Congratulations to the 66th Jane Addams Children’s Book Awardees Malala Yousafzai, Kerascoët, Sara Holbrook, Lesa Cline-Ransome, James Ransome, Laura Atkins, Stan Yogi, Yutaka Houlette, Renée Watson, and Linda Williams Jackson. Read More NPR Poetry Month: Andrea Davis Pinkney NPR’s Michel Martin speaks with children’s book author and poet Andrea Davis Pinkney about her picks from the #NPRPoetry submissions. Read More   Love of storytelling: 32nd annual Richland Library Augusta Baker’s Dozen This year’s featured guest is Lois Lowry, an acclaimed children’s author whose bestselling and award-winning books include “Number the Stars” and “The Giver,” which was made into a feature film in 2014. Lowry told WIS she hopes each child takes away a sense of wonder from hearing stories. Read More Where I’m From In 1993, George Ella Lyon, an American author from Kentucky, wrote a poem entitled “Where I’m From.” She wrote it in response to a poem from Stories I Ain’t Told Nobody Yet by Jo Carson. Since its publication, her poem has become a very popular writing prompt and template for the writing of one’s own story. Read More ‘Bud, Not Buddy’ author to speak to Lansing kids When Christopher Paul Curtis comes to town this week,…

Jane Addams Award Winning Author Jacqueline Woodson Wins the World’s Largest Prize for Children’s Literature #JACBA Newsletter
Newsletter / April 14, 2018

Special Announcement April 30th: Video announcement and press release made public Watch this space for a special announcement regarding the announcement of this year’s Jane Addams Children’s Book Award Winners and Honorees! Jacqueline Woodson wins the world’s largest prize for children’s literature, the Astrid Lindgren Memorial Award Jacqueline Woodson, who won a National Book Award for her memoir in verse “Brown Girl Dreaming,” won the 2018 Astrid Lindgren Memorial Award on Tuesday. Woodson is the 18th person or organization to win the prize, which is considered one of the most prestigious children’s literary awards in the world. Woodson becomes the fourth American author to win the Lindgren Award, after Maurice Sendak, Katherine Paterson and Meg Rosoff, an American-born writer who has lived in the United Kingdom for several years. The award was accompanied by a citation from the jury who selected Woodson, which reads, “Jacqueline Woodson introduces us to resilient young people fighting to find a place where their lives can take root. In language as light as air, she tells stories of resounding richness and depth. Jacqueline Woodson captures a unique poetic note in a daily reality divided between sorrow and hope.” Read More Each Kindness written by Jacqueline…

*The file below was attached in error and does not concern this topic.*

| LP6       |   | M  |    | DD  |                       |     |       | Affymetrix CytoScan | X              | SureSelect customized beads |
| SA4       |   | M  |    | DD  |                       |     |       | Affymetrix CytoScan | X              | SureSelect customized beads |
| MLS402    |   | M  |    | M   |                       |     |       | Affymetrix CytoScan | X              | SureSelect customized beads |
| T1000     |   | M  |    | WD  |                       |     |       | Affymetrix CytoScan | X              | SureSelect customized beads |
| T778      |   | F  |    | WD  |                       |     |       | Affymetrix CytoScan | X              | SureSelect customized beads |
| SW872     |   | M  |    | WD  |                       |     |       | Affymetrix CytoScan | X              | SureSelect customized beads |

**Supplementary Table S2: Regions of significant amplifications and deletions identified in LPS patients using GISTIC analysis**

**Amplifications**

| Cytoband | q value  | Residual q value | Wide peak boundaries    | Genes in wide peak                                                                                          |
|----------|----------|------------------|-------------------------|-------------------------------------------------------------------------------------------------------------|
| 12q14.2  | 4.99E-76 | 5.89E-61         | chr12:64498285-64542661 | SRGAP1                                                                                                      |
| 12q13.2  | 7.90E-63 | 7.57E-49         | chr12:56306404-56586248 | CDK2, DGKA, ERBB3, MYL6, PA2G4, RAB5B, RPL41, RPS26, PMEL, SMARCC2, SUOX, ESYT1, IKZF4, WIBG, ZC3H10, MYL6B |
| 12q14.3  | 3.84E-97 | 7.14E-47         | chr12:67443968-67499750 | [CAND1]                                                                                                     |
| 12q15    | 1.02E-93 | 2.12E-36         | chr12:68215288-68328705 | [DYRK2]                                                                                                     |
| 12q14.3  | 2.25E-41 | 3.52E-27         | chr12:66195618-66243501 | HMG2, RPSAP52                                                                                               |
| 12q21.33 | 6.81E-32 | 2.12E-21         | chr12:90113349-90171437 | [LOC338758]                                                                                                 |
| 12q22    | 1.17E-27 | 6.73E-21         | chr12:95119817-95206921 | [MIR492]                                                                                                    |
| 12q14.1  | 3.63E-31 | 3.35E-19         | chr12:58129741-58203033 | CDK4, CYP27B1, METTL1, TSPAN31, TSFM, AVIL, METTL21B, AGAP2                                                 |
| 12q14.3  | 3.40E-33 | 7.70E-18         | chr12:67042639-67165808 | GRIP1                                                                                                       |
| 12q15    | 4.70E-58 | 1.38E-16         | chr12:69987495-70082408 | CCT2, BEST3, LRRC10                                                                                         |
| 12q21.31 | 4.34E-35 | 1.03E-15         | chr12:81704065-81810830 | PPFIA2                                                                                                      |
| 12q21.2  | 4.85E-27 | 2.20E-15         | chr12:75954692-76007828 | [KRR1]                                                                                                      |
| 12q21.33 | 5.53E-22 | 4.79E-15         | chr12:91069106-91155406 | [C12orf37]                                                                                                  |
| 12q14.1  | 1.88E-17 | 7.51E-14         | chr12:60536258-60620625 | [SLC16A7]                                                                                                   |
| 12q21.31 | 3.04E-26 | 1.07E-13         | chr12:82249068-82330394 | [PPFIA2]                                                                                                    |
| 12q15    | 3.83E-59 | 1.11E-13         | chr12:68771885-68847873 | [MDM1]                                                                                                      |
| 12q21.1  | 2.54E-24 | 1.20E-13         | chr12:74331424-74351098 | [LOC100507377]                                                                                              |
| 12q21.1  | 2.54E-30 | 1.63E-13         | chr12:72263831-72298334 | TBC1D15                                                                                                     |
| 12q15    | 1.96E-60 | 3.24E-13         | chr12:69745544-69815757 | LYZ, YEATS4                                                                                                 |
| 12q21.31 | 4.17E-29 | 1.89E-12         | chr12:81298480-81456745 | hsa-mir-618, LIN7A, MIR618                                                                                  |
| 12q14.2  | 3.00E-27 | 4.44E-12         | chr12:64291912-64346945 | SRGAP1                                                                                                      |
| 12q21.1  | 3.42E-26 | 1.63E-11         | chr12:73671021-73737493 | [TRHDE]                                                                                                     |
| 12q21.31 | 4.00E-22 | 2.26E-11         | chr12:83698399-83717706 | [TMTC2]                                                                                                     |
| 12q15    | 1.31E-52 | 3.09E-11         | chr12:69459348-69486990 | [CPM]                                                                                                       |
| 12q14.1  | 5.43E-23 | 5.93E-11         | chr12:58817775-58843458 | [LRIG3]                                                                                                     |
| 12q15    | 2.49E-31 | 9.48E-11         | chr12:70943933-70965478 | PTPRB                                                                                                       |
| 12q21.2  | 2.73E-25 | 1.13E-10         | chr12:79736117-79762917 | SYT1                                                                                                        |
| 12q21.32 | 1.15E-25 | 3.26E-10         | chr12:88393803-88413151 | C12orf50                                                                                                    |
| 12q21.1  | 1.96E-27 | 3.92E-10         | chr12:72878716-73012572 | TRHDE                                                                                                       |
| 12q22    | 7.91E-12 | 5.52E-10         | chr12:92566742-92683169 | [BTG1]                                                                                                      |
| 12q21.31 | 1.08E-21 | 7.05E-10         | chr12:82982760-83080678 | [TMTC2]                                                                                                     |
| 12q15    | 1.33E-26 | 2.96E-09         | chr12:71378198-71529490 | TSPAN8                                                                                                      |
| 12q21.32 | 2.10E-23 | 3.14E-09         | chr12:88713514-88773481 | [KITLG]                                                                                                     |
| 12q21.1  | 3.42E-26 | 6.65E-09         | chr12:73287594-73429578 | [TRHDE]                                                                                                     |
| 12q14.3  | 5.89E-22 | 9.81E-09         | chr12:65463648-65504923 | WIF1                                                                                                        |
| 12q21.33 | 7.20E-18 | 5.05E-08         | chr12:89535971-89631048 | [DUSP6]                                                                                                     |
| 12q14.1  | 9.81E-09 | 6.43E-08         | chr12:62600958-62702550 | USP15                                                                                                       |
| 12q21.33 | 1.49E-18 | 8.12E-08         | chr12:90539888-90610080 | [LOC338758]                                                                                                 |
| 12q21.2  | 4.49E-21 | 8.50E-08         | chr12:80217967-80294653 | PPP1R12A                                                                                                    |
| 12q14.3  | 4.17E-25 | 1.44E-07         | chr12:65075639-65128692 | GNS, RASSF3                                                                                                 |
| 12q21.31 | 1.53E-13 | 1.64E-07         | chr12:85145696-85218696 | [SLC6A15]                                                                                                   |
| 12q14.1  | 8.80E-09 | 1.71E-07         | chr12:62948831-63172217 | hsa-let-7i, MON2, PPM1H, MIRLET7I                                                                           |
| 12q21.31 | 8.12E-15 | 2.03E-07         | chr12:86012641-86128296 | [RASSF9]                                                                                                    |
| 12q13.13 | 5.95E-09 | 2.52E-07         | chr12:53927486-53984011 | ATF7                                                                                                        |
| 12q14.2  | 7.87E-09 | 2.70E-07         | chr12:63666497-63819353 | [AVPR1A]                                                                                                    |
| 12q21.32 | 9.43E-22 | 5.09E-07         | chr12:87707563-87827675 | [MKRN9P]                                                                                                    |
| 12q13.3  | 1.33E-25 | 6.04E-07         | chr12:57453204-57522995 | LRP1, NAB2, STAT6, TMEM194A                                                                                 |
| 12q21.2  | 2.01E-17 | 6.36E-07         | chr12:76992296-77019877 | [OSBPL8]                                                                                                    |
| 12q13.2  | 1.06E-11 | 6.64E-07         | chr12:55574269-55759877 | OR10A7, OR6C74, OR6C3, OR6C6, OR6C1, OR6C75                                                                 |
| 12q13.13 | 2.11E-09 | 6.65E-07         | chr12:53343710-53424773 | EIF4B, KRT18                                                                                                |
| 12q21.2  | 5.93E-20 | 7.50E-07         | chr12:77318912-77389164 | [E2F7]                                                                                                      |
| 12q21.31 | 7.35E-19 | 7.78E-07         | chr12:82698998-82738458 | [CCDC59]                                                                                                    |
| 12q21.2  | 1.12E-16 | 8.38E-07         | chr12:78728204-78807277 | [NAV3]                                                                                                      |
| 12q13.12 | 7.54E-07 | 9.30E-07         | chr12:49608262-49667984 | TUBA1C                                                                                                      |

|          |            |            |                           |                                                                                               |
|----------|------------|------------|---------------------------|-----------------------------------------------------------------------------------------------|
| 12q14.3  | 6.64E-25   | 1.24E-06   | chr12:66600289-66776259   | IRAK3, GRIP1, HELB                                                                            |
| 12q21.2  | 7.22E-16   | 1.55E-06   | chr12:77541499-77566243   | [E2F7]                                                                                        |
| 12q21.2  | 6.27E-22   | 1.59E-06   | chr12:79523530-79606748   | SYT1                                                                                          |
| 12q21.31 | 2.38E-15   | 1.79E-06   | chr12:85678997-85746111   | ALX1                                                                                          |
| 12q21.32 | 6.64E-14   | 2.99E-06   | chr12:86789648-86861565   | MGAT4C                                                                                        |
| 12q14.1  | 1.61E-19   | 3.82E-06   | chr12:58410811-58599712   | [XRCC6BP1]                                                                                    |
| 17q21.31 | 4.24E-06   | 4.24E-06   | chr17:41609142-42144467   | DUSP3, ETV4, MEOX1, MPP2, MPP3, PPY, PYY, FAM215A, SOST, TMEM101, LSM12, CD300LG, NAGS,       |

History will be kinder to student organizers of walkout than their critics #JACBA Newsletter
Newsletter / March 13, 2018

History will be kinder to student organizers of walkout than their critics In Phillip Hoose’s book, “Claudette Colvin: Twice Toward Justice,” Colvin recounts her fear of reprisals for her activism, although it was the armed Klan she worried about, not a college rejection letter. Her words should inspire Georgia teens facing pressure to remain silent. “But worried or not, I felt proud. I had stood up for our rights. I had done something a lot of adults hadn’t done.” Read More Hey, Little Ant by Phillip and Hannah Hoose 1999 Awardee Claudette Colvin by Phillip Hoose 2010 Awardee She Walked the Walk: How Barbara Johns Continues to Inspire Us This Black History Month we remember the life, the courage, and the sacrifice of Barbara Rose Johns. Her actions inspire us to keep walking the walk, just like she did. Read More The Girl From the Tar Paper School: Barbara Rose Johns and the advent of the Civil Rights Movement by Teri Kanefield 2015 Awardee We Asked for Your Favorite Hidden Figures From Black History. Your Responses Were Powerful. “First she liberated herself by registering to vote, and then she helped to liberate others by spreading that message and recruiting others…